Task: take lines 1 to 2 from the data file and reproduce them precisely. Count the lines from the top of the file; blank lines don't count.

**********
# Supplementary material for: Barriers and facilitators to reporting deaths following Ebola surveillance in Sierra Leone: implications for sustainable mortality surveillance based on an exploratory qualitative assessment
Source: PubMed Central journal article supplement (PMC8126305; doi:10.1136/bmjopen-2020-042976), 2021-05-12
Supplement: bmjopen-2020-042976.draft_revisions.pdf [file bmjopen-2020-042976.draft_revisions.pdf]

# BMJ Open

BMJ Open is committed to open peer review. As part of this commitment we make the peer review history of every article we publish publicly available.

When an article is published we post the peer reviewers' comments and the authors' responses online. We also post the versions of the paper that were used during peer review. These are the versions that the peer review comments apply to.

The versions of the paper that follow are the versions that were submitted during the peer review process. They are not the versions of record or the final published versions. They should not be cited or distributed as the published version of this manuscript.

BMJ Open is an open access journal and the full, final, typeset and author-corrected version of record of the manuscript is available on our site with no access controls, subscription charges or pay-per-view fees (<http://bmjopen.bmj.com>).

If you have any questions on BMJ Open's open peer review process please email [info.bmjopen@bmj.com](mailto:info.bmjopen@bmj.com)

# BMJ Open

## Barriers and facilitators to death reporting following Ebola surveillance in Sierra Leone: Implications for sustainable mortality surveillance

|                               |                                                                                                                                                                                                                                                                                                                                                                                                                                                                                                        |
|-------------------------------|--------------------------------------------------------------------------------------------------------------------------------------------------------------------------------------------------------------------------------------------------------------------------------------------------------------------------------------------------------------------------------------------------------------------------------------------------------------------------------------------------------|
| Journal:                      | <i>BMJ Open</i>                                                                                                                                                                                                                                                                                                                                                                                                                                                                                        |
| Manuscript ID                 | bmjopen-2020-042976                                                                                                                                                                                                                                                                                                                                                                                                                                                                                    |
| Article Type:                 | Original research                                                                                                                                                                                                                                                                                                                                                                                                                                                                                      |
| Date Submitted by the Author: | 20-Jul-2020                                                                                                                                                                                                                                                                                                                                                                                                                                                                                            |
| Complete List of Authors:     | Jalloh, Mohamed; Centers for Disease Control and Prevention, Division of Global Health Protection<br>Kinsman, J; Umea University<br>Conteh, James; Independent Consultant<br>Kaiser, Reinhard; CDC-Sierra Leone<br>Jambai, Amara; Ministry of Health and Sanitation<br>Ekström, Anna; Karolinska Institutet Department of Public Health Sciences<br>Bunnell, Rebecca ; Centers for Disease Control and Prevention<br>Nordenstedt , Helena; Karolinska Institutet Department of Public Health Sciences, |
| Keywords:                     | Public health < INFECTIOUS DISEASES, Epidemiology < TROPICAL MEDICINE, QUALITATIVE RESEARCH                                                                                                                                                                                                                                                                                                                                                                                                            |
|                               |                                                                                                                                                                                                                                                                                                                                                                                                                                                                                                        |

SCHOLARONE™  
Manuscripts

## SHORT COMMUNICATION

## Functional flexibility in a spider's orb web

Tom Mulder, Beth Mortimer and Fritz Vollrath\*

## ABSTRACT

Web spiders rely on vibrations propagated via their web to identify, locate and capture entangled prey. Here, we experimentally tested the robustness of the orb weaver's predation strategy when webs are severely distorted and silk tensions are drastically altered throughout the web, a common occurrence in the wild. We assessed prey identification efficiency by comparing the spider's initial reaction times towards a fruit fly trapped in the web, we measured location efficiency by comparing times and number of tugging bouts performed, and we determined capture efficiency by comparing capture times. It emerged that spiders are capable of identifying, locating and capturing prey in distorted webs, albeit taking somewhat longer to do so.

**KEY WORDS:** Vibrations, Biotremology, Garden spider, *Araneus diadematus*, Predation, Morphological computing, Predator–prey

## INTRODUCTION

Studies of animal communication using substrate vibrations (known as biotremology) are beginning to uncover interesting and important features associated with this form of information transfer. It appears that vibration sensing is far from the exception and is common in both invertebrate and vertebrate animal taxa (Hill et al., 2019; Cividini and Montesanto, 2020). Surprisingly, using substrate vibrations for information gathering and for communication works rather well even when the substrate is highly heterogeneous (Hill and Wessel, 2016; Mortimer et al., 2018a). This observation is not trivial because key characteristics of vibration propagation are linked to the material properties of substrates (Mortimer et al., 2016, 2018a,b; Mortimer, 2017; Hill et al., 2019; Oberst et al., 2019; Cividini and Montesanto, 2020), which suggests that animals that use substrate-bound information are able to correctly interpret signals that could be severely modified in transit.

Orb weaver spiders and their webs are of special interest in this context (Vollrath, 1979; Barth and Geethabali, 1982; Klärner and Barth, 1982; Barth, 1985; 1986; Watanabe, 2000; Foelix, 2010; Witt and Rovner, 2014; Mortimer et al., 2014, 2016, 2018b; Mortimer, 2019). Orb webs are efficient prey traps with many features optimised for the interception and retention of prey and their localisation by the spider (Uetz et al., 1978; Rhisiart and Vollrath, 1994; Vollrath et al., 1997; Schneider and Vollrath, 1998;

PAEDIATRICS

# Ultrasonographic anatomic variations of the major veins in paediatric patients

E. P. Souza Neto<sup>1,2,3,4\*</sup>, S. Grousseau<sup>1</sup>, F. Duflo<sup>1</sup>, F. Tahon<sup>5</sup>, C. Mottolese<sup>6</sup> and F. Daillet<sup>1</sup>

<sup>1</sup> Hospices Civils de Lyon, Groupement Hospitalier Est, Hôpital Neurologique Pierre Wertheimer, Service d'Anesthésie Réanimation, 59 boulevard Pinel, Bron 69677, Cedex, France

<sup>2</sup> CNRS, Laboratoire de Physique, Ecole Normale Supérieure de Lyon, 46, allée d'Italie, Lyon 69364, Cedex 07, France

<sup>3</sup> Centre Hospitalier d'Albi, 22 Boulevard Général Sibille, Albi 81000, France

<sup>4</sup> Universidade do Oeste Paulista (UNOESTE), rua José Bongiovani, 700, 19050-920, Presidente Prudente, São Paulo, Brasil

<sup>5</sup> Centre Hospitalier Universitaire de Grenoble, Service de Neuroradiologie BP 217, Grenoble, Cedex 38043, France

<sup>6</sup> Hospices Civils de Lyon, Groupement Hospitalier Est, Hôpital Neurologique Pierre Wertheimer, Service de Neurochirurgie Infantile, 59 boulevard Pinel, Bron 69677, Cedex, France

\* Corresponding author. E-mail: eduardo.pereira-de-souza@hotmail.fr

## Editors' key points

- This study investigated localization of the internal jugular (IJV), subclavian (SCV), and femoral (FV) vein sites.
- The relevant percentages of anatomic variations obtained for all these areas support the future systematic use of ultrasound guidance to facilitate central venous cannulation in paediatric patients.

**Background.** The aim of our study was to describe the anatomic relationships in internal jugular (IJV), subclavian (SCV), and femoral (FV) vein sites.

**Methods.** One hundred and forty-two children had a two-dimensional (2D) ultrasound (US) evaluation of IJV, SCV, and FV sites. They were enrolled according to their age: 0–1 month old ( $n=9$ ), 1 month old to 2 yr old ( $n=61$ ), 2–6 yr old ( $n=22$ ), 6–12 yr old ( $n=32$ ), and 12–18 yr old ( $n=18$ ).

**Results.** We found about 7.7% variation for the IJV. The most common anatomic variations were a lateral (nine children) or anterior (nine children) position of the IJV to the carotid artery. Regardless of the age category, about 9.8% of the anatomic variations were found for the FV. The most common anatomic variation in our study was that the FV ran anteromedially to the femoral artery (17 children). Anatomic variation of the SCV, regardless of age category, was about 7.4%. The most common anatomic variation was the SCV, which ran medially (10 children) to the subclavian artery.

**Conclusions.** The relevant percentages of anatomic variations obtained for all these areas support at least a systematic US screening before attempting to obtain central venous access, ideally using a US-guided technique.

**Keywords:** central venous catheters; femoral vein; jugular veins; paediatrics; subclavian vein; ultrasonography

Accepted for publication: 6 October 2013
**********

# Supplementary material for: Barriers and facilitators to reporting deaths following Ebola surveillance in Sierra Leone: implications for sustainable mortality surveillance based on an exploratory qualitative assessment
Source: PubMed Central journal article supplement (PMC8126305; doi:10.1136/bmjopen-2020-042976), 2021-05-12